Max is a soft, helium-filled circus balloon. He floats and bounces along the operating room’s white-tile ceiling. Below him, blue doctors and green nurses huddle in an egg-shaped circle around his naked body.
How is this? Max is two places at one time.
Max is conscious of a danger, aware that being separated from his flesh means his spirit or his mind could get lost. But he is not that much afraid. There is a sturdy string attached to that helium-fill ed balloon, and whenever he wants, Max can will himself down the line, like fireman down a pole to the operating table.
Max knows this for sure, somehow, and also, he likes this floating. On a big screen in a corner of the operating room, he can see memories like movies. Or at least this one memory. The one playing now--how Max hid as a child and waited under the cages to kill his Mama’s new husband. How the smell of the cats made him sick. And how he endured by imagining himself feeding the lion tamer to lion tamer’s own lions. The same smelly cats that ate his father.
But at scene where Max is ready to strike, ready to kill lion tamer, the lions jump through the movie screen and claw Max’s back.
He screams in shock and pain.
Max can’t open his eyes, and he can’t move his hands. Maybe this is dream, too. Or maybe now Max is dead. Those blue doctors or the lion killed him.
“We could write an article for the New England Medical Journal on this man’s head,” a woman says.
Max’s mouth and throat are sore like he swallowed a basketball. And someone must have hit him on the head with a big hammer and then left the handle sticking out. Each heartbeat brings a new throb of hurt to the top and back of his skull.
“The bullet must have struck at an incredibly lucky angle,” a man’s voice says.
Max hears people speaking, such soft voices talking about him, the hospital patient Max Zakowsky, but it is probably a dream. Like floating above his body and remembering the smell of the cats.
Gentle fingers probe the base of Max’s skull.
“No, feel that,” the woman says.
Max wishes he could see her. Her voice is like classical music.
“I’ll bet this man’s sphenoid bone is at least fifty percent thicker than yours or mine,” she says.
Maybe this is not a dream. Max never hear of a sphenoid bone before this moment. How could he imagine it?
“I hope you never get a chance to compare, Sydney, but I know this man was damn lucky with the other three bullets. No bones, major arteries, or organs were damaged. He’ll be walking out of here in a week.”
Max opens his eyes. He wasn’t dreaming. There is man and woman doctors standing beside his bed.
“Quicker even,” Max says.
Intense, burning orange light becomes the early morning sun shining in Max’s window. Is his mind floating again?
No, Max is waking up in a hospital bed, the searing pain from his head to his hip no longer part of a dream. The pain is real. Hard to believe bullets could deliver so much hurt but not kill him.
Sitting up feels impossible. His body seems broken inside, muscles and bones unable to work together. Mind fuzzy with pain and something else...drugs probably. At least he can see now, move his hands and feet, legs if he wants.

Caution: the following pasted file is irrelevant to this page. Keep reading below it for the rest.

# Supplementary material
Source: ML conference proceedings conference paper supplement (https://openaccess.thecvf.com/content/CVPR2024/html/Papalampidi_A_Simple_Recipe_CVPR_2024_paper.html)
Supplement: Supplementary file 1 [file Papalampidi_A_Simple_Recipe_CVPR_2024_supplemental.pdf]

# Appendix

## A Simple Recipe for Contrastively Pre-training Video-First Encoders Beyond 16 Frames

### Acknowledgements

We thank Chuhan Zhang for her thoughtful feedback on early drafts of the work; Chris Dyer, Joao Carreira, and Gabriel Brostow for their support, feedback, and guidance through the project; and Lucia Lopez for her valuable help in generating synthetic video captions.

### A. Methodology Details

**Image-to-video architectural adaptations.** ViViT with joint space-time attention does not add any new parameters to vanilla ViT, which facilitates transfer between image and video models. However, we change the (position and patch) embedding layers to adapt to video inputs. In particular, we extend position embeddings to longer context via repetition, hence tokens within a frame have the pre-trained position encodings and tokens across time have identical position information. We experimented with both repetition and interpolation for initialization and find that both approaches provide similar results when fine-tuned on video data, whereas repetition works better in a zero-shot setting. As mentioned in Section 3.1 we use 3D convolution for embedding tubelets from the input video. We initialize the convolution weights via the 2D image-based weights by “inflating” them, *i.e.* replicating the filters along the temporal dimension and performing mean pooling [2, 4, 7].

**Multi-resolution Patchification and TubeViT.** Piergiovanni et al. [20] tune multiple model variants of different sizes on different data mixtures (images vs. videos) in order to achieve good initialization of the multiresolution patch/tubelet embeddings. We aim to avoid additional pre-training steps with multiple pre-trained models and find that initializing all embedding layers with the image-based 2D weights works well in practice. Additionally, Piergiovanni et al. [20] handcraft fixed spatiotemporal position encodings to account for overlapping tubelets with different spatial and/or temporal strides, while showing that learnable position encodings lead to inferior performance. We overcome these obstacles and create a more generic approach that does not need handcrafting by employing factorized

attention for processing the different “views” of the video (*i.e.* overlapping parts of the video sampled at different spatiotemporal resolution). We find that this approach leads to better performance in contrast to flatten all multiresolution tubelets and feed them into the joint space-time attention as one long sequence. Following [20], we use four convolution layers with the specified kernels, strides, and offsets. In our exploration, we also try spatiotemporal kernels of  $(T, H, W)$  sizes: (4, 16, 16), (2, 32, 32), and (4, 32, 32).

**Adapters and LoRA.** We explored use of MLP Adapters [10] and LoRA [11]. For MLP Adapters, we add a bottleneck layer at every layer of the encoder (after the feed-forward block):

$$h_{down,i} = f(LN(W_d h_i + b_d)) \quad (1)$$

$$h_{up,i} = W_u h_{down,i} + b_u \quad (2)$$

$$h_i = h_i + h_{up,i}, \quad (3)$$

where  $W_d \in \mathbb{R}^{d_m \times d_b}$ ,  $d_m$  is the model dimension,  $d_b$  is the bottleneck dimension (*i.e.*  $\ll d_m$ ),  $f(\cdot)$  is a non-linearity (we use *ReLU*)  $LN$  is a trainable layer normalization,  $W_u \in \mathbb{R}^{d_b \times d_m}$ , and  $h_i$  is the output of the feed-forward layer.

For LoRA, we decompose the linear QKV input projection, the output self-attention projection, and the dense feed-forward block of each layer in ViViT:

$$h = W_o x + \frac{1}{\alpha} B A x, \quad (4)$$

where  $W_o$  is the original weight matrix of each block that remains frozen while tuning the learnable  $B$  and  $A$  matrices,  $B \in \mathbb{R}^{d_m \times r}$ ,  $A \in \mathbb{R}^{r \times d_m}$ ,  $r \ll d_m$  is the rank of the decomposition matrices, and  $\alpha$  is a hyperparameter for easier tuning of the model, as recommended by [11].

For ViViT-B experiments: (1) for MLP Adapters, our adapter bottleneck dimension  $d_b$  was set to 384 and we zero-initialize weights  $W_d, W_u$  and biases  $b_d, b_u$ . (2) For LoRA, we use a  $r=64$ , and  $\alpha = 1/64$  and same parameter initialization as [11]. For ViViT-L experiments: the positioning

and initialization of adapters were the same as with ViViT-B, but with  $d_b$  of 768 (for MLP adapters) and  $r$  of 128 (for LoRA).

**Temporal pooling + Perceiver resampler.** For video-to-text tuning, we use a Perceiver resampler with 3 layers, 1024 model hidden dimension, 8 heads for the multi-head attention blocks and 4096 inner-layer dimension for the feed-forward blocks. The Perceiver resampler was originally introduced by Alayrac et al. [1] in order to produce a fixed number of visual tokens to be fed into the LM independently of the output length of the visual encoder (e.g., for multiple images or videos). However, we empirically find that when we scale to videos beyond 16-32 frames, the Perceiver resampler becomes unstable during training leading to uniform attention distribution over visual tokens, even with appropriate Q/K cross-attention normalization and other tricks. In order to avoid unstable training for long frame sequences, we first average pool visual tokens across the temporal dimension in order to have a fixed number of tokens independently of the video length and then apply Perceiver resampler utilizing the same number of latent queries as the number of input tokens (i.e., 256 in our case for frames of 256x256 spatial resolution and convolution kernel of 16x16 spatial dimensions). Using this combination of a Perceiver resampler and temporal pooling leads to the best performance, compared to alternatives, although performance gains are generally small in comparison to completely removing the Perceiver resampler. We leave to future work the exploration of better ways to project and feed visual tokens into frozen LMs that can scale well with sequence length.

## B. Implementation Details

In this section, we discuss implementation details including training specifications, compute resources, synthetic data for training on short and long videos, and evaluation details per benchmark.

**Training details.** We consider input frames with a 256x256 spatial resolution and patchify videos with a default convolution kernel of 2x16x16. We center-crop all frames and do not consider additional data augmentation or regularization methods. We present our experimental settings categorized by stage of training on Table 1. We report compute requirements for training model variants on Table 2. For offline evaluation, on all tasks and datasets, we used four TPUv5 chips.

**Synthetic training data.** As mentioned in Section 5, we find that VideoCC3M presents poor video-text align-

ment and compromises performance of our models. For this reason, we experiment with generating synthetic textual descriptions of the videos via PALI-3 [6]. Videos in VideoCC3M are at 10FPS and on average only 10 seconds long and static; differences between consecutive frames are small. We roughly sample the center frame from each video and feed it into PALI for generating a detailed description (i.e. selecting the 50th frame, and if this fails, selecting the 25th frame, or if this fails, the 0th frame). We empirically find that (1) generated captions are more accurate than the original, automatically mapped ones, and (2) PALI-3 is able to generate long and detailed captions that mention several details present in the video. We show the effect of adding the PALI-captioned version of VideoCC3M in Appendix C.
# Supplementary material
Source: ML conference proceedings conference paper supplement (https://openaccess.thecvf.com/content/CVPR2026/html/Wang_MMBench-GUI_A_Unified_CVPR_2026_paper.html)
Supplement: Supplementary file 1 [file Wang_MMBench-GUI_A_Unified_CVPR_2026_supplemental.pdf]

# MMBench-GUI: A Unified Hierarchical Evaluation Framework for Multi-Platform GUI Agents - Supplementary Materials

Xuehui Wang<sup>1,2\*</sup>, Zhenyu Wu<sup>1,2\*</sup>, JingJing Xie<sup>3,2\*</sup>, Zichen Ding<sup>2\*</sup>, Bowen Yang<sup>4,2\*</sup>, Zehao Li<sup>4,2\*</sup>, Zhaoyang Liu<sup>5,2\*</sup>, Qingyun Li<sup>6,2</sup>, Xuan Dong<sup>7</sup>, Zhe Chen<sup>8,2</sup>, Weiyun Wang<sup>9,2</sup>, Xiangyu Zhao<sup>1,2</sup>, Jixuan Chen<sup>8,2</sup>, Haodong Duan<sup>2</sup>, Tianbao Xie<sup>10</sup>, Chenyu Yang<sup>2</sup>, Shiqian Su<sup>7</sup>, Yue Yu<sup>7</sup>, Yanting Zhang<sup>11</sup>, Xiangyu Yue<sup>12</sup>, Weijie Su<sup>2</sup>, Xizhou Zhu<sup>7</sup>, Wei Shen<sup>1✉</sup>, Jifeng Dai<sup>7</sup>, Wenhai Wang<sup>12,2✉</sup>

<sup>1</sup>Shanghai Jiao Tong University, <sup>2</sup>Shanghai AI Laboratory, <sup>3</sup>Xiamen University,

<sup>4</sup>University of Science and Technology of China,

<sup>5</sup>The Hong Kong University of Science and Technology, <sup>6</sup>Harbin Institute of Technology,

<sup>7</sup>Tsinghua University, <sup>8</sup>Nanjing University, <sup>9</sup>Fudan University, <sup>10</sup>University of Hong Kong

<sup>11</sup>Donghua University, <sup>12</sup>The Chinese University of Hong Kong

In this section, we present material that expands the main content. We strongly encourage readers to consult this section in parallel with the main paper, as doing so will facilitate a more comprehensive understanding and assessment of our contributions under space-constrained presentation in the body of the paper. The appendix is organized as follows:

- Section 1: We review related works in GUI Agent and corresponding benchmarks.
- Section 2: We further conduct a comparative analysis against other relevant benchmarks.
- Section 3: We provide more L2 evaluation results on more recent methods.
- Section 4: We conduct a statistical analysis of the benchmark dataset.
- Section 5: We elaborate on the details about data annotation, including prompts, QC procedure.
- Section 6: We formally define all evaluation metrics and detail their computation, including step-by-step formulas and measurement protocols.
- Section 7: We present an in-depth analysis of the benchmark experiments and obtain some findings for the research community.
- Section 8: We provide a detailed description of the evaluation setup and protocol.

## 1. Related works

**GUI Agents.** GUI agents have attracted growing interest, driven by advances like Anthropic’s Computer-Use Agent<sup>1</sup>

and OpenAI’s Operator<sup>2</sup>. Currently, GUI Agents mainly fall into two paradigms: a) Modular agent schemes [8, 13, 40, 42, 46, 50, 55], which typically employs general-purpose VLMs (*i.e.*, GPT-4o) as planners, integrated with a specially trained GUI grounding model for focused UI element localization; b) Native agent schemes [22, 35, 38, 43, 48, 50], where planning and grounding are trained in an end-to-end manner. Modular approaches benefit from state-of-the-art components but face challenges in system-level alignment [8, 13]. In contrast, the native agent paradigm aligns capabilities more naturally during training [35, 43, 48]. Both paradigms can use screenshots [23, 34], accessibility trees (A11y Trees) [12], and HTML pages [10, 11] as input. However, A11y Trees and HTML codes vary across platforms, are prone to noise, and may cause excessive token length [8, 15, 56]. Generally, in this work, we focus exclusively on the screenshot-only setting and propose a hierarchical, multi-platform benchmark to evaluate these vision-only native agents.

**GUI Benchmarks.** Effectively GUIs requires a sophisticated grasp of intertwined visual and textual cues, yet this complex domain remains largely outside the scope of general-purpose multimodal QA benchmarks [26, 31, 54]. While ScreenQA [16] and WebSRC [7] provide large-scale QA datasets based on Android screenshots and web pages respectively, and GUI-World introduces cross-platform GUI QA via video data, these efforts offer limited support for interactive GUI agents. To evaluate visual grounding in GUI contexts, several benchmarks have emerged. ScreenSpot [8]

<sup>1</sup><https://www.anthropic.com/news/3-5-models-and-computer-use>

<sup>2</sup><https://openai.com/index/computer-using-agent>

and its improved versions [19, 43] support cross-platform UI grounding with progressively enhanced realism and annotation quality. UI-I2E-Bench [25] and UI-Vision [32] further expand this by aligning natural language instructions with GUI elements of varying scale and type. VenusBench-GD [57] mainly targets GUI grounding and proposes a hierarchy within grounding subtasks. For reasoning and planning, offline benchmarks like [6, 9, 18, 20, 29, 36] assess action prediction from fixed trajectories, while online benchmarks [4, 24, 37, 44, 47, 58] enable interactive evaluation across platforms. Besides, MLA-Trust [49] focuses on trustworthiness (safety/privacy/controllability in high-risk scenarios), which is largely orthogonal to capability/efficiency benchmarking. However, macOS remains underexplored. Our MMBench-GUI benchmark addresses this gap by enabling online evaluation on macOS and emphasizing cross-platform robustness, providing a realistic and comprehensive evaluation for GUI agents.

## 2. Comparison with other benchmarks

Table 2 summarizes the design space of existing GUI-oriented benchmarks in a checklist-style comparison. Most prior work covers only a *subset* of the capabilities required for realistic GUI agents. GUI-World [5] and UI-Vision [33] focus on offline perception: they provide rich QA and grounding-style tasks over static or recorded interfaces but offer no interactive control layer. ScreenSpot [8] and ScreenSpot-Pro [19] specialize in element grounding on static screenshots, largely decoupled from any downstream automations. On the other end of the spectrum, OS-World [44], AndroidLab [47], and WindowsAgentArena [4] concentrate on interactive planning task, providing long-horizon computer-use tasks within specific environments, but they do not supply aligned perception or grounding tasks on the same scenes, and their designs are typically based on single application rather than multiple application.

Max rings a bell for the nurse.
A gray-haired woman with two sofa pillows for a chest and one major ass walks into his room ten minutes later.
“Where pants?” Max says.
“Only when I have to,” woman says. “Right now, I’m running full commando.”
Max knows she is being silly although he doesn’t understand the joke. A sense of humor is good thing. Those huge breasts look pretty good, too.
“Your clothes, what’s left of them, are in the closet, Mr. Zakowsky. But don’t think you’re going anywhere.”
Max tries to smile. “Max not going anywhere today. But would like to see my blue jeans.”
The nurse brings him a shredded mess. The other nurse, the skinny one with thin hair, explained how the ambulance guys cut up his shirt and pants to save him.
The woman with big ass and big tits stays close to the bed after she hands him his clothes. Close enough to touch if he wanted.
“What are you lookin’ for, honey?” she says.
Kneading the fabric carefully with his fingers, Max finds the spear tip with his thumb and forefinger. His father was right. There must be a spirit in the rock that protects its wearer from assassins.
The next day, Mama Bones says, “What did the coppers want?”
“If I know who did this,” Max says. “Also if I recognize anyone. If I willing to look at books of photos.”
Max sits up, grateful that his pain is fading, but tired from walking up and down the hospital hall all day. Mama Bones could be the new boss of Bluefish’s family, however, and Max knows Jerry would tell him to show the old hag respect.
“What did you say to them?” Mama Bones says.
“Nothing. I learn more from them than they learn from me.”
“Yeah? So you know Bluefish and you friend Jerry are dead?”
“I see their brains. Yes.”
Mama Bones nods. “Nunzio says it notta him. But my niece Gina, Tony Farascio’s wife, she was at the bar when you and Bluefish got shot. She tells me she has nothing to do with killing, but I’m not so sure. She was very mad about Tony. And was also mad about Anne Marie.”
“Gina was Anne Marie’s friend. I think. Once.”
So. That’s it. Max finally understand. Anne. Frances. And Gina. All three of them.
Maybe Max have his own suspect now for Anne Marie’s murder. He needs to check something, but if Max is right, he will kill her. Kill woman who kill his Anne, along with Austin Carr and Mexican bartender for shooting Jerry.
Maybe Max drown them all together in bag like smelly little cats.
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